History – Unveiling of the WW2 Honour Roll and Photographs

More than 200 residents of the Lansdowne district assembled in the Upper Lansdowne Memorial Hall, on Sunday afternoon, November 24th, to witness the unveiling of an Honor Roll, and the photographs of four of our boys who paid the supreme sacrifice while on active services. The Honor Roll contains the names of 70 men and women, all of whom enlisted from an area approximately seven miles long by 5 miles wide, and it is doubtful if many other areas of a similar nature could show a better performance.
The meeting opened by the singing of the National Anthem, after which the chairman (Mr C C Drury) extended a welcome to Mr L C Jordan, MLA, Mr W P Chapman (district president of patriotic societies), Mr Frank Belford (ex-president, Returned Soldiers’ League), Cr W McLaughlin (Manning Shire Council), Rev R A Munro and Major Bailey.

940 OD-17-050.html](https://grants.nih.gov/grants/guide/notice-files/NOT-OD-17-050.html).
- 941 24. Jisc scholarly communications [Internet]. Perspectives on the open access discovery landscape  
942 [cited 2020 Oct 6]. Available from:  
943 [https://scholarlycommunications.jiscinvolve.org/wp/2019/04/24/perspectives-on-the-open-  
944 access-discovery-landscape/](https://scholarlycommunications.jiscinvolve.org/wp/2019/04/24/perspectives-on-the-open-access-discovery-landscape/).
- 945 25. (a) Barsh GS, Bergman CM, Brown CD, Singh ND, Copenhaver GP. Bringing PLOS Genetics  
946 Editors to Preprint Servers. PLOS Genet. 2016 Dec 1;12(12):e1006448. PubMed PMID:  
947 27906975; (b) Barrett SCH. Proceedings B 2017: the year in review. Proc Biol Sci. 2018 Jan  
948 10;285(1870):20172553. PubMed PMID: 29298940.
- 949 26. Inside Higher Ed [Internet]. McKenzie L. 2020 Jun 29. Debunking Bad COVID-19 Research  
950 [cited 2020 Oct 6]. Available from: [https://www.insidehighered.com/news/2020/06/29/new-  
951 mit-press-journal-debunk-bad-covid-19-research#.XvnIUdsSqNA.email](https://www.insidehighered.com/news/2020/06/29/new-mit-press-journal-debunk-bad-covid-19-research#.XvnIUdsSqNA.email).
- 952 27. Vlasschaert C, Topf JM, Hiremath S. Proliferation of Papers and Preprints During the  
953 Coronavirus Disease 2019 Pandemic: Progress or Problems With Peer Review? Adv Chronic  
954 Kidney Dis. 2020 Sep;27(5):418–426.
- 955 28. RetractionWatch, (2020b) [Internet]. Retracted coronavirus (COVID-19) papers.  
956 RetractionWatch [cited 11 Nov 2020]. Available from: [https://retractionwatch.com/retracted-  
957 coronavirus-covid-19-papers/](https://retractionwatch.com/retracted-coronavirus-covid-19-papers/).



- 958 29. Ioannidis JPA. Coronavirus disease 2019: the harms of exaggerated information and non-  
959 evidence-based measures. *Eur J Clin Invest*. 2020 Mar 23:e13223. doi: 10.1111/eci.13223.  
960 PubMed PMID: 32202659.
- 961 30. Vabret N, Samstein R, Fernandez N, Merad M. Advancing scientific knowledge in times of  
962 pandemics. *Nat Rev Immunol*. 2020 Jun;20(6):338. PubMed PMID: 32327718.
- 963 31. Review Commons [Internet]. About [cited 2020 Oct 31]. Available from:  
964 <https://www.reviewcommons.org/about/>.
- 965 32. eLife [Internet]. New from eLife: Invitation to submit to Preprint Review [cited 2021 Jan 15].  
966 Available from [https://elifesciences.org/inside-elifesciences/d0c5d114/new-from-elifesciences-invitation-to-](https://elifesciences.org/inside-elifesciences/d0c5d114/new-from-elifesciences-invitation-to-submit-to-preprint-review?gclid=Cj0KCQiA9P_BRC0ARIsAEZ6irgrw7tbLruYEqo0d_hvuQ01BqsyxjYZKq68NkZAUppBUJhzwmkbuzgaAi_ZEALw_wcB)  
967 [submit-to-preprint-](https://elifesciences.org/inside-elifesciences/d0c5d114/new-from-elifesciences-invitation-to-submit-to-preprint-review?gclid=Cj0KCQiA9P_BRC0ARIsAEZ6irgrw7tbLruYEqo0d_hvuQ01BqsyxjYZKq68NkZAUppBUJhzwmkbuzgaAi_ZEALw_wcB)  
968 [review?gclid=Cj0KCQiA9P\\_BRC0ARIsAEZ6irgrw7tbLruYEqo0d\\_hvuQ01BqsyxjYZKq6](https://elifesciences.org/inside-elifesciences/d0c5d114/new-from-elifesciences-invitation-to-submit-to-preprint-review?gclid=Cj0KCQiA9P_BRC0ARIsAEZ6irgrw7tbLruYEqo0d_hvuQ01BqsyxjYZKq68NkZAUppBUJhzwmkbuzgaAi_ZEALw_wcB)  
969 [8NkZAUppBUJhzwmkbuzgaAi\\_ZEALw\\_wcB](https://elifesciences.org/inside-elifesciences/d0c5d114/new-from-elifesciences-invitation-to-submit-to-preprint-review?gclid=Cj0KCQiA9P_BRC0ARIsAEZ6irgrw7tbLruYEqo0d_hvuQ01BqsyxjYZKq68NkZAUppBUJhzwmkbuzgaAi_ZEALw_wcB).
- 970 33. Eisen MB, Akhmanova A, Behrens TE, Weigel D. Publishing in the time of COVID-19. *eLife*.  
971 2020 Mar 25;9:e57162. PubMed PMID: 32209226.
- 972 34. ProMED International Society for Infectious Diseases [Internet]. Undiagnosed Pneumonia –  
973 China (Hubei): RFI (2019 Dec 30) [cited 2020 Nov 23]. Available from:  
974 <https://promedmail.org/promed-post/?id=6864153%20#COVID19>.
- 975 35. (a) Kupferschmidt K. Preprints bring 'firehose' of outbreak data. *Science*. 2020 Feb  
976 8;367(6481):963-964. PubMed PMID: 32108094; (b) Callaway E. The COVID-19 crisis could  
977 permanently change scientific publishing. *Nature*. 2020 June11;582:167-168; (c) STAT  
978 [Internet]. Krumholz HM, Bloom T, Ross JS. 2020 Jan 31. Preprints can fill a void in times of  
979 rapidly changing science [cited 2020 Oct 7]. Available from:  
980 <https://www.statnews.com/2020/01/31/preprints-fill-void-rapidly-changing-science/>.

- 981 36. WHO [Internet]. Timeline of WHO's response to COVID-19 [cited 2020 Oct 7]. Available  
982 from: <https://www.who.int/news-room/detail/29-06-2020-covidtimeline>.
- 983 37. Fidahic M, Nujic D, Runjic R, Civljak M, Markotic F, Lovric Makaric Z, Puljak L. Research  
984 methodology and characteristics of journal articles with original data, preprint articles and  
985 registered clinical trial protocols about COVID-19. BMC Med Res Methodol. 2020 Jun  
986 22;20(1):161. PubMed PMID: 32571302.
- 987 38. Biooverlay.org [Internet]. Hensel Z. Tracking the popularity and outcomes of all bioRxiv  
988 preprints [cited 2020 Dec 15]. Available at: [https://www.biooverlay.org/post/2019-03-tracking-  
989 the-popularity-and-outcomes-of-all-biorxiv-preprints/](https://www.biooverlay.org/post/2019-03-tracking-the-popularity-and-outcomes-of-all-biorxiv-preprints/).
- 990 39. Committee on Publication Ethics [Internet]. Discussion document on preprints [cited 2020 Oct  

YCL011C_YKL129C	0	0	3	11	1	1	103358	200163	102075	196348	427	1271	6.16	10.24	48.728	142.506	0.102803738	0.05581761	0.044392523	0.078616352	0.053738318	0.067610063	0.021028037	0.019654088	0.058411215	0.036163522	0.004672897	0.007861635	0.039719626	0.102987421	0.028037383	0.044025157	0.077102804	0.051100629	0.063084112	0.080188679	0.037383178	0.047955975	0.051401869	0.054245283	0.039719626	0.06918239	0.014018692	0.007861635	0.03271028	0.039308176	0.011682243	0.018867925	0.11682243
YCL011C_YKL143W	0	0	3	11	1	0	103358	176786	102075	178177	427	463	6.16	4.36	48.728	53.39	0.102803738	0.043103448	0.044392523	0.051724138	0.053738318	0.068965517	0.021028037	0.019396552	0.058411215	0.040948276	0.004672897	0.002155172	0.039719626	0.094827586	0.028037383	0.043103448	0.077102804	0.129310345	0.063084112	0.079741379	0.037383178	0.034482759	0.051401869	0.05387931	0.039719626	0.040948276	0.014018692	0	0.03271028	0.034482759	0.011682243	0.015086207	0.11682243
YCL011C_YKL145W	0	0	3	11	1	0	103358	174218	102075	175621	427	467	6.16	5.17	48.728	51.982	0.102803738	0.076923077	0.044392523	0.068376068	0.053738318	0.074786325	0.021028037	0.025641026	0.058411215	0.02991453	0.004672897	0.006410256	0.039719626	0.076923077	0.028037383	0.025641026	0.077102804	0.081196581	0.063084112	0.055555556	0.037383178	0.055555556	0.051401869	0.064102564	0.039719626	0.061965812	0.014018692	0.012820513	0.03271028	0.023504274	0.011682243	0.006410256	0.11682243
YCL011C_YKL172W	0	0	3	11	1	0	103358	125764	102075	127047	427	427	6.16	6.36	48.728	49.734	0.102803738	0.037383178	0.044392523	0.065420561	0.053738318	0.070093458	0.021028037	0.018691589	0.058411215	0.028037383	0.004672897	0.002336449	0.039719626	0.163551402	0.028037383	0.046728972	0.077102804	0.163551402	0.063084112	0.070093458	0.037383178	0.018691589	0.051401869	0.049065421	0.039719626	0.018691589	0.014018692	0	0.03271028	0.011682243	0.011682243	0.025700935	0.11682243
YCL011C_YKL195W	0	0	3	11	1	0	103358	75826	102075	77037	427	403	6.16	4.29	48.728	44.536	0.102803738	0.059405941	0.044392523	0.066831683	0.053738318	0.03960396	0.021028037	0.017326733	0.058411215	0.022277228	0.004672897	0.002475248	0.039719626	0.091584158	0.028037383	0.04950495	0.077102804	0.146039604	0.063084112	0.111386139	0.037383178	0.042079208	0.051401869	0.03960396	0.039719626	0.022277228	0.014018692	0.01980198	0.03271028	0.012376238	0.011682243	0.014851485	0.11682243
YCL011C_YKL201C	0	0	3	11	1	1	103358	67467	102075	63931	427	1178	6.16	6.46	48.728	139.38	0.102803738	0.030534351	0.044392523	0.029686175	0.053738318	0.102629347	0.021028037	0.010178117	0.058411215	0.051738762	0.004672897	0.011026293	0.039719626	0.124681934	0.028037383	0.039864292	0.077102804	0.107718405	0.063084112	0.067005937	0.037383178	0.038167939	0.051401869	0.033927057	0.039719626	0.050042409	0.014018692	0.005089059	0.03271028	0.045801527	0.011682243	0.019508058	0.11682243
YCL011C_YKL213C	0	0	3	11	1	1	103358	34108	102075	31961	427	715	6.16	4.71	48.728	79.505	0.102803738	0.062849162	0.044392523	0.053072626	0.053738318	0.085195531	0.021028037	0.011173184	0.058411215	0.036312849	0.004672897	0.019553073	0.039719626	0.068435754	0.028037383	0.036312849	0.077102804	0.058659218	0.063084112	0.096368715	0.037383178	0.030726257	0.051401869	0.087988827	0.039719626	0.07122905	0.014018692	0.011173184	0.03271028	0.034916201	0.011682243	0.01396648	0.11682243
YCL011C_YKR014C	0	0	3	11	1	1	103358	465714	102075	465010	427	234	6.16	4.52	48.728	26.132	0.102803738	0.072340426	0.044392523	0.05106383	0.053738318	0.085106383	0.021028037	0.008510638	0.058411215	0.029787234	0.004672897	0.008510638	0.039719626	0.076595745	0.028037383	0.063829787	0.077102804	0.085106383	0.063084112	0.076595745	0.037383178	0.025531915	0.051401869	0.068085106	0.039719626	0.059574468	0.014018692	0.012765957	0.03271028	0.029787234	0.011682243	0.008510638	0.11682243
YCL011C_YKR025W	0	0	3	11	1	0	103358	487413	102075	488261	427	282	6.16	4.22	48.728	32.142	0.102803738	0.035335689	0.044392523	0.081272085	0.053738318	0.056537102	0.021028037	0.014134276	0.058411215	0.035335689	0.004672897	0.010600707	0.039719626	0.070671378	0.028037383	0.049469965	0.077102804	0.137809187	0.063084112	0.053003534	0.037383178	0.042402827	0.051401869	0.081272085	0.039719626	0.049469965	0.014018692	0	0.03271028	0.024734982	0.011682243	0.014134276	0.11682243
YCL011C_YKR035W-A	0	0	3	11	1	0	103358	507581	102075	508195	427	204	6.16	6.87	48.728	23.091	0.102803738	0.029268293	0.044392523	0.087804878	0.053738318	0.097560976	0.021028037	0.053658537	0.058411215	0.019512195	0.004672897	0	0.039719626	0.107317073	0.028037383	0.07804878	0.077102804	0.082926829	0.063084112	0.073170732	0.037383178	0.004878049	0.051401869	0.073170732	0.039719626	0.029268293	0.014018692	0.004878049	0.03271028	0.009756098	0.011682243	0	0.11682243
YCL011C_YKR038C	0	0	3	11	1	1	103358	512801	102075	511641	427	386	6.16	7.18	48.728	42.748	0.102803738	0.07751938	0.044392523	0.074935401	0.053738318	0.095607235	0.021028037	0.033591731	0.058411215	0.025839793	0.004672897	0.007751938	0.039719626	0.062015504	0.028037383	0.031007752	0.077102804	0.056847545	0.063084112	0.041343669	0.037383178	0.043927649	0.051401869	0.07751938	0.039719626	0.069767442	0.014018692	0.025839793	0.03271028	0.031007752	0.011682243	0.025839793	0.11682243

The chairman then read a very appropriate poem, after which he invited Mr Chapman, who spoke briefly, recalling to mind the inauguration of the local patriotic committee and keen enthusiasm displayed. “We realise our duty to returned men and the difficulties of rehabilitation”, concluded Mr Chapman.
Apologies were then read from the Rev. Mr Fullerton and Rev. Father Whibberley for non attendance.
Rev. Munro, on being invited to speak, said that three of the boys who had paid the supreme sacrifice were members of his church. He referred to early English history and the manner in which Christianity and English history worked in harmony. He sympathised with the bereaved. Like embroidery, it must be viewed from the right side to be beautiful; so also must we look at God’s plan from the right side.